This is a pretty accurate summary. I have a few "down in the weeds" details to add if it's not too pedantic.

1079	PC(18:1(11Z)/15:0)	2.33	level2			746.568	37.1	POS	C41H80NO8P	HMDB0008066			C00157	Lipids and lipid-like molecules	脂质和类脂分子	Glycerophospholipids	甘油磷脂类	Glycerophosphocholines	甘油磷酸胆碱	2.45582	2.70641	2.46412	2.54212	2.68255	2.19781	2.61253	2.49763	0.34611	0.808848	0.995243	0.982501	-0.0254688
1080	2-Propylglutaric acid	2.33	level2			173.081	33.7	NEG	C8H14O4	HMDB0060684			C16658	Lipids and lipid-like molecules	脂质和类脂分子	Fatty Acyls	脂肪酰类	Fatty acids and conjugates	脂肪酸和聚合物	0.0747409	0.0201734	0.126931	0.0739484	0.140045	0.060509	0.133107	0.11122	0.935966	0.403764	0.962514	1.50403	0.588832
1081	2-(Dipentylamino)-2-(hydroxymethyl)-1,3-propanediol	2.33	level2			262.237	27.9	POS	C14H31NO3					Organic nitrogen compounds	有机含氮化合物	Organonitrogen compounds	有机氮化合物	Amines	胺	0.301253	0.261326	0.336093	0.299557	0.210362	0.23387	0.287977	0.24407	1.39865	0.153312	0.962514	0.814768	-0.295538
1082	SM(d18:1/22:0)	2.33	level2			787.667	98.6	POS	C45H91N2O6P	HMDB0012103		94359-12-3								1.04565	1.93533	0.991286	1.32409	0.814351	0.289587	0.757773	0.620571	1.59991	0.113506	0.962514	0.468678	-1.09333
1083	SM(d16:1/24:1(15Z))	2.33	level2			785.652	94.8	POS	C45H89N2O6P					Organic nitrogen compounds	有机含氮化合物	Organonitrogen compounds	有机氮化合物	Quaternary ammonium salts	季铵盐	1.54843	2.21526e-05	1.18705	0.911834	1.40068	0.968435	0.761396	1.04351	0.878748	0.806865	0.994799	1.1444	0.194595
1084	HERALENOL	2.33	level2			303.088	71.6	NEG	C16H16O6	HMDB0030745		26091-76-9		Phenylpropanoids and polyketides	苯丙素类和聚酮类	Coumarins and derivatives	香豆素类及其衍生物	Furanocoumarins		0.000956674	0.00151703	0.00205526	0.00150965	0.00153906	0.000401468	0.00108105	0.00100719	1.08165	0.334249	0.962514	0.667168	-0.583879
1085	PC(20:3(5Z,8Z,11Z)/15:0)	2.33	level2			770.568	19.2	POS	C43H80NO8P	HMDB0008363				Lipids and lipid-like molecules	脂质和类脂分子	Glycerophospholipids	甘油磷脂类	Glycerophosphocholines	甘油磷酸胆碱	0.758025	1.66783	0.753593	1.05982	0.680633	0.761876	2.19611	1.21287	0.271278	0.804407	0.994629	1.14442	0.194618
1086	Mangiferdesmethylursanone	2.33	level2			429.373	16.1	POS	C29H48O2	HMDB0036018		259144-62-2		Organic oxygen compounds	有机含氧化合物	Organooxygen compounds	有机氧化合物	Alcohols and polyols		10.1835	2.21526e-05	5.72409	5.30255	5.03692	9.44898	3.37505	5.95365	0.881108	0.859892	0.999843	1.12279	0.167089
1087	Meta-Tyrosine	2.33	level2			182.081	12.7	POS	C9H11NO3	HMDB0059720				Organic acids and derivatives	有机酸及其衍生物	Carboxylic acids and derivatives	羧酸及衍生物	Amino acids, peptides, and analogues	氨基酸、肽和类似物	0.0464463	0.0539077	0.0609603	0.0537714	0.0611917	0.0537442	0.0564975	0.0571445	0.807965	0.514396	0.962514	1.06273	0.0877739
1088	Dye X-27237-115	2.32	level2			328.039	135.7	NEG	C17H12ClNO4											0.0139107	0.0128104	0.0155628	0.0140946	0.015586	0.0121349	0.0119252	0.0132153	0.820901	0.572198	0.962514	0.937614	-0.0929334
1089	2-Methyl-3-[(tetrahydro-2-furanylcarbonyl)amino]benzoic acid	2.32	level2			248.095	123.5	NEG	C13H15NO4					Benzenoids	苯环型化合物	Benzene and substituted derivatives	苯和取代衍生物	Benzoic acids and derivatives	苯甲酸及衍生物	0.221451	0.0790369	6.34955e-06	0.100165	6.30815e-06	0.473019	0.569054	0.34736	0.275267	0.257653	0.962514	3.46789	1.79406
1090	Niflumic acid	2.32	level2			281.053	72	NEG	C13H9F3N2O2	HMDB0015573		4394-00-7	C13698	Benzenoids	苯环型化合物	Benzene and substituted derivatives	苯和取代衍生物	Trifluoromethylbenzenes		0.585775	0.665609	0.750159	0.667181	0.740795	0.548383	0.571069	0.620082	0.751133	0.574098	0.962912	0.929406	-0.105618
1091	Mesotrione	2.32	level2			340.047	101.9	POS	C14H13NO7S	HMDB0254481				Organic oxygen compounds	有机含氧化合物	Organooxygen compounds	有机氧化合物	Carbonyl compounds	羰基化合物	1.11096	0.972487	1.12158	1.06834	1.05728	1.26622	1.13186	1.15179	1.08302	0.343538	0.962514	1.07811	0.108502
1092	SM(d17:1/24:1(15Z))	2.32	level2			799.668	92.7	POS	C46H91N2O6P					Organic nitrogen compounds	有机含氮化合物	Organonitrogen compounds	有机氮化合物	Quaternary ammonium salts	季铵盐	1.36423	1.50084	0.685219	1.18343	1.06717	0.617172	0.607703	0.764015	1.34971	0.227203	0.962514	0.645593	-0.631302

I would generally agree that the IJA's nuclear weapons program was located largely on the Japanese mainland. However, there is also a slim tendril of documentation alleging that the Kwantung Army in mainland Asia / Manchuria was itself working on nuclear weapons. This was as a direct result of Japan's defeat-in-detail at the hands of the Russians at the Battle of Khalkin Gol, during the undeclared border war in 1939, When I visited the US National Archives in person at the Suitland, MD, headquarters, I found exactly one (1) document that made a brief mention of the Kwantung Army project. This came directly from Yoshio Nishina, who was himself the lead scientist of the Army's mainland nuclear weapons project under the supervision of the Tokyo Arsenal and its related Army bureaucracy. Naturally, I had just one photo of this one page document and it was the one that I lost (accidentally deleted from my laptop), out of more than 200 that I took. I do, however, remember the names of two National Archives Record Groups, and Nishina's statement is in one of them. It was either G-2 US Army Far East Intelligence Summaries from the very end of the war and the years immediately afterward, or it was in the files of the 5250th, which was a technical intelligence investigation unit whose members included a certain Captain or Major Kelly. Kelly's interrogation via interpreter of a Japanese technician who had escaped or defected from the Hungnam area is included in the 2nd edition of Robert Wilcox's book, Japan's Secret War